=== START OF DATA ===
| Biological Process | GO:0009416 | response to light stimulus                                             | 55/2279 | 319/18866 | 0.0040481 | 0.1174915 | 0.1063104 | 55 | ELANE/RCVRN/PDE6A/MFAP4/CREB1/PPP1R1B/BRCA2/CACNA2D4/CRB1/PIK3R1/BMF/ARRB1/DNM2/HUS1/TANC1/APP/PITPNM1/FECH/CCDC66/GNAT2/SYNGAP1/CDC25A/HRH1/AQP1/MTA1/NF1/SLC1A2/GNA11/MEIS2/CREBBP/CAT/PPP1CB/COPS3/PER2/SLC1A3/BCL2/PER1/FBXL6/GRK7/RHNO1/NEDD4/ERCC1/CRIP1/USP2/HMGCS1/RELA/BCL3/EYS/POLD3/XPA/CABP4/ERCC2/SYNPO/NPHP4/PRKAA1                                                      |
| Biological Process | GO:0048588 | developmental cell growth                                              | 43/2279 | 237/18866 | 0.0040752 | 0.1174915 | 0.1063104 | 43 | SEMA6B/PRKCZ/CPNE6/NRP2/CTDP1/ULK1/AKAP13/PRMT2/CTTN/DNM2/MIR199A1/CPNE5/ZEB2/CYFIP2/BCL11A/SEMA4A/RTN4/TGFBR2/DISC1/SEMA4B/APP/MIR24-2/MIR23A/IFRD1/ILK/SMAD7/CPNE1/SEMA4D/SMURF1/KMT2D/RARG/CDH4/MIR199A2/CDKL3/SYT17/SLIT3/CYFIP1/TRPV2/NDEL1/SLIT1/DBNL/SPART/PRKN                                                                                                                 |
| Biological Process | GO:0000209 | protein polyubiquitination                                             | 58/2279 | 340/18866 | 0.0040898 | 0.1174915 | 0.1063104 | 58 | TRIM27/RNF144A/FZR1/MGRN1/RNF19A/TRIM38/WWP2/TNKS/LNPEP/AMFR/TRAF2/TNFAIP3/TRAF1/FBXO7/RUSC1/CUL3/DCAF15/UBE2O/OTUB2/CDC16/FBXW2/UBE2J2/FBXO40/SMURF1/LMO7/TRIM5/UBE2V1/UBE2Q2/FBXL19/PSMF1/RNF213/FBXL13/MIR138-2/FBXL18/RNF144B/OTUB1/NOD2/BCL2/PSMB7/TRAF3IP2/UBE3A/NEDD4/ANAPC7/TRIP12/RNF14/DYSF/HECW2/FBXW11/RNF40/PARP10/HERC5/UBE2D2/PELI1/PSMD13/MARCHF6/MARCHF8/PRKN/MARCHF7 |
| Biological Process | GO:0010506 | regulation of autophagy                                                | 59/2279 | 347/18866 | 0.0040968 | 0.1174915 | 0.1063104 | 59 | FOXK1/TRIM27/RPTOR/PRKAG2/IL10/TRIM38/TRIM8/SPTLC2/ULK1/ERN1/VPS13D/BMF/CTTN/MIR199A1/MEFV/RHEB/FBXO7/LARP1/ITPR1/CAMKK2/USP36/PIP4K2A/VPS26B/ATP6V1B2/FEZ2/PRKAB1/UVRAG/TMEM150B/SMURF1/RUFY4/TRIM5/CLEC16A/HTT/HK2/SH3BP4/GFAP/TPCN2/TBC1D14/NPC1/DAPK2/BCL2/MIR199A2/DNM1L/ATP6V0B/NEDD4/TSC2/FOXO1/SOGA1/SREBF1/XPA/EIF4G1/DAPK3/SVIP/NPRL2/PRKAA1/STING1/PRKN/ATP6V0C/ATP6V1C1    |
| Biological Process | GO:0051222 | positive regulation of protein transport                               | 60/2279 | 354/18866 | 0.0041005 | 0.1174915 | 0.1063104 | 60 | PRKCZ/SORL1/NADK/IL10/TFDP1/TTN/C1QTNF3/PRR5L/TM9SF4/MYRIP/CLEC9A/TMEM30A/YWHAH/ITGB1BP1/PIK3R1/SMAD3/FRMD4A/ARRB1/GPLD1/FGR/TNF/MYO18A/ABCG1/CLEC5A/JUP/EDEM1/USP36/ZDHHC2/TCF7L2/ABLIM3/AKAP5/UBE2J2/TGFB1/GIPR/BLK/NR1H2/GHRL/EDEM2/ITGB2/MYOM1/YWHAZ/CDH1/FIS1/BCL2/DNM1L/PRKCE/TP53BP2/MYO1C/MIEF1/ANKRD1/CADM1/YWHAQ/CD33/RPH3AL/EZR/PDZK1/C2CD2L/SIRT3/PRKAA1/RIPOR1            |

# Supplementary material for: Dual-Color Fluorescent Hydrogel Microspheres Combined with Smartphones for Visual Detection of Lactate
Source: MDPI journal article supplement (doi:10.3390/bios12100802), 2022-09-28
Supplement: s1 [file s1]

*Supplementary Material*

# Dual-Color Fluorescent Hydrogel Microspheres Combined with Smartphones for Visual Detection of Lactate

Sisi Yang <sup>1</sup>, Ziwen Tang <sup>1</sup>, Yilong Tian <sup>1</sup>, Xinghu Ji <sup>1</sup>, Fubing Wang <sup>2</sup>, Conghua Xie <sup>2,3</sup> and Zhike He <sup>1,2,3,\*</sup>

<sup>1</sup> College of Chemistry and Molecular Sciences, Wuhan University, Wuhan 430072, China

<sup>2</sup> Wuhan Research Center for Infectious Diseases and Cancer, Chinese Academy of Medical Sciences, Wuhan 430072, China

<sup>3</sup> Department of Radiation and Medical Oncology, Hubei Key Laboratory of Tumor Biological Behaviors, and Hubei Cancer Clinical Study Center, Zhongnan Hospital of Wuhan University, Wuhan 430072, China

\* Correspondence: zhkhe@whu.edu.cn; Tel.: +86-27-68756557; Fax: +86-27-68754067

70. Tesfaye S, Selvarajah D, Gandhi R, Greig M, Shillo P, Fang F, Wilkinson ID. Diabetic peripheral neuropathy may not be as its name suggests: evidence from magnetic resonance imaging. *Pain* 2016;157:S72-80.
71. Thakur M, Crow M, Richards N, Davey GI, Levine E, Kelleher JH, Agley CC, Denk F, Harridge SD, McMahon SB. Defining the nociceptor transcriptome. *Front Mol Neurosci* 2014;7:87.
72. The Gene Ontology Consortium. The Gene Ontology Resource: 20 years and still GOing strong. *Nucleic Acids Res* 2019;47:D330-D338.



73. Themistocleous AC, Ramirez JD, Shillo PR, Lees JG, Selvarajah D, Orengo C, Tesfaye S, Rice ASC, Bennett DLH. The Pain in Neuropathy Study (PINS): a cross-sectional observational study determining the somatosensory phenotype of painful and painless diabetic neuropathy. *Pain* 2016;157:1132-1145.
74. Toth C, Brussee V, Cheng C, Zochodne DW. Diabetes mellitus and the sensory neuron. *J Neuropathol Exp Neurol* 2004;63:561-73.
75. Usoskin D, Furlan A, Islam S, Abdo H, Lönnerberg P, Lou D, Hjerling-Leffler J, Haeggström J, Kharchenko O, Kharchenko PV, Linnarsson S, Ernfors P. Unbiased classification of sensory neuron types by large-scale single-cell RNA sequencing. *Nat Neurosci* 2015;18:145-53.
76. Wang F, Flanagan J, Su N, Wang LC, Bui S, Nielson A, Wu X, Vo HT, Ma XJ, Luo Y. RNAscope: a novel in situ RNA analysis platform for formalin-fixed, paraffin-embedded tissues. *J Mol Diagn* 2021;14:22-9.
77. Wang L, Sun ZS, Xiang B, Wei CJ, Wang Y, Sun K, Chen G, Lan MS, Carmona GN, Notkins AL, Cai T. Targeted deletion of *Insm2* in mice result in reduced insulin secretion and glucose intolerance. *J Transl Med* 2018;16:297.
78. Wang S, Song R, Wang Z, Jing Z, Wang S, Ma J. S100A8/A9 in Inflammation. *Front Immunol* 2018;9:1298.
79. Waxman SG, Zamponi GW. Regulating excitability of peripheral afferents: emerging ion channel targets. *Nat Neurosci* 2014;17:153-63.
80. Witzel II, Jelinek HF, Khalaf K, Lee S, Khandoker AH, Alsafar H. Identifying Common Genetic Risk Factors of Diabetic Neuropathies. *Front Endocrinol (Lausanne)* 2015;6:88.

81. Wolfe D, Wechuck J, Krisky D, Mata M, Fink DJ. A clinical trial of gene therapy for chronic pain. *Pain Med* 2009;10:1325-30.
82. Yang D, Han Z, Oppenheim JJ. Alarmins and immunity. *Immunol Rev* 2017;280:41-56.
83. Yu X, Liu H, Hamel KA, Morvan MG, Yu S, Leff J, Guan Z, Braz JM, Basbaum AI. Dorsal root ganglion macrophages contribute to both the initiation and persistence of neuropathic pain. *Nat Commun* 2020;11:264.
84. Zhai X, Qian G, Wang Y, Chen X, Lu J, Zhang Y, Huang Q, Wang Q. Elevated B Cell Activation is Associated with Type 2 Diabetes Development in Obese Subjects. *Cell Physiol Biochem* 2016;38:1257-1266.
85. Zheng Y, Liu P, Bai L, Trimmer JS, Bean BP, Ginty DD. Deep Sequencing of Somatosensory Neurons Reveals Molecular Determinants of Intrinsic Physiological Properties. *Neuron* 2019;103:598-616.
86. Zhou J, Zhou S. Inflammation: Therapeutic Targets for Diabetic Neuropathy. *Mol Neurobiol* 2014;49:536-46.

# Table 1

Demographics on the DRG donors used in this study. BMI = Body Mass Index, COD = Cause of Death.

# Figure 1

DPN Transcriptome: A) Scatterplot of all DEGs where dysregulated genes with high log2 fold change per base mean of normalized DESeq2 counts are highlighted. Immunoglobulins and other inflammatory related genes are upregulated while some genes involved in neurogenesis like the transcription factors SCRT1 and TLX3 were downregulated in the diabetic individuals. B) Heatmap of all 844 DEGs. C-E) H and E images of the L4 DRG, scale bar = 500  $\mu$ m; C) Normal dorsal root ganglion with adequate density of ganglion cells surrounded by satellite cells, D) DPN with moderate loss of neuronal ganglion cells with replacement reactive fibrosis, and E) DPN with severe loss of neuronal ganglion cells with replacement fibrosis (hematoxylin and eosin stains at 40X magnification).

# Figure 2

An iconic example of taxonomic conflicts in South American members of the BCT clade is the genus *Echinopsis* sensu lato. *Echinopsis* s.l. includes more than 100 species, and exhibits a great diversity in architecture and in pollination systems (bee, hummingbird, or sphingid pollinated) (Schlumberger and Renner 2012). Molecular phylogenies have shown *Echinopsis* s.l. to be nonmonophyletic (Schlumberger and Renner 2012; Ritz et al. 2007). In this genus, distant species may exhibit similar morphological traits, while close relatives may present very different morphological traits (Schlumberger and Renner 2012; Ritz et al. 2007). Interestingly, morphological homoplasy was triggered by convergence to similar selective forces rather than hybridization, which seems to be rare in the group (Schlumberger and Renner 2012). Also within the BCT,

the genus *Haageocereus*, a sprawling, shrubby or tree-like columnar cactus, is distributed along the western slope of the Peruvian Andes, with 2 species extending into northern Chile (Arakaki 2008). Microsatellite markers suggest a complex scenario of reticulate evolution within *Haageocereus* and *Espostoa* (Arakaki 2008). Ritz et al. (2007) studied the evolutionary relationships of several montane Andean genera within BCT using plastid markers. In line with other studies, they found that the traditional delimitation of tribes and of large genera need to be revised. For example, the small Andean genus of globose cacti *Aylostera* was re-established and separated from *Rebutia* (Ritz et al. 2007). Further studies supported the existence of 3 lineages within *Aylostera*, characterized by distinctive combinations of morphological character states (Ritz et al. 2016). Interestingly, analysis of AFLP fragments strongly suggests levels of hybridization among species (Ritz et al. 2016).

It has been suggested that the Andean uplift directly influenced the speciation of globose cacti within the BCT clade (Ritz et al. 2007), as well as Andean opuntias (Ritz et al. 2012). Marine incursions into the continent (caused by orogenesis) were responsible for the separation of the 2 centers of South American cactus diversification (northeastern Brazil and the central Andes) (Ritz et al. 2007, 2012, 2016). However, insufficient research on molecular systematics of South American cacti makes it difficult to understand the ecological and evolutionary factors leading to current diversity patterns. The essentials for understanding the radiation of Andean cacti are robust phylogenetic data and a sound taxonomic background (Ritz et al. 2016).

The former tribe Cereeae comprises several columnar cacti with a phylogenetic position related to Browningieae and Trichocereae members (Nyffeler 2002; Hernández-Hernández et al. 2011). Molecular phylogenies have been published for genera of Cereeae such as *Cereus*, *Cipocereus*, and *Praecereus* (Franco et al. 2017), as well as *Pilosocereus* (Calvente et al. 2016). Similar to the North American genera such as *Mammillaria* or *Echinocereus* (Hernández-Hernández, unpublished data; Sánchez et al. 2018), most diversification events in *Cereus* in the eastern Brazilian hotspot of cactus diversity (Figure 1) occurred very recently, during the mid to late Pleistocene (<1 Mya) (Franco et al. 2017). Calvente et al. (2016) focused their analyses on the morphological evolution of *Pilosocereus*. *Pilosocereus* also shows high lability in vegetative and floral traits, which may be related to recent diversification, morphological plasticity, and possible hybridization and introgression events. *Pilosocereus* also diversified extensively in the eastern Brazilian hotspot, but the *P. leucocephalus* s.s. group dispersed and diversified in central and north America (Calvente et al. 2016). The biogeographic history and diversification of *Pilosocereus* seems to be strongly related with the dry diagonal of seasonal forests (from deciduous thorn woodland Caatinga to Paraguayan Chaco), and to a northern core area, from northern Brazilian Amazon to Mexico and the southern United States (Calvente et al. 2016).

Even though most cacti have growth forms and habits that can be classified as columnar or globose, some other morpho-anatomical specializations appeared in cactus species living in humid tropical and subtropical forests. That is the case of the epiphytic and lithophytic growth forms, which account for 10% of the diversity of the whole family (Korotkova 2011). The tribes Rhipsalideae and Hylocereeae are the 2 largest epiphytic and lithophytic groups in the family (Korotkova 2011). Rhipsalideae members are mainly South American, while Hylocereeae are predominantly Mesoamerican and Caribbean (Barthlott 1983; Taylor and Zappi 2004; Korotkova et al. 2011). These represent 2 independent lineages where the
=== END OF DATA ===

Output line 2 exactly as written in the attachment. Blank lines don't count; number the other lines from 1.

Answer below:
| Biological Process | GO:0048588 | developmental cell growth                                              | 43/2279 | 237/18866 | 0.0040752 | 0.1174915 | 0.1063104 | 43 | SEMA6B/PRKCZ/CPNE6/NRP2/CTDP1/ULK1/AKAP13/PRMT2/CTTN/DNM2/MIR199A1/CPNE5/ZEB2/CYFIP2/BCL11A/SEMA4A/RTN4/TGFBR2/DISC1/SEMA4B/APP/MIR24-2/MIR23A/IFRD1/ILK/SMAD7/CPNE1/SEMA4D/SMURF1/KMT2D/RARG/CDH4/MIR199A2/CDKL3/SYT17/SLIT3/CYFIP1/TRPV2/NDEL1/SLIT1/DBNL/SPART/PRKN                                                                                                                 |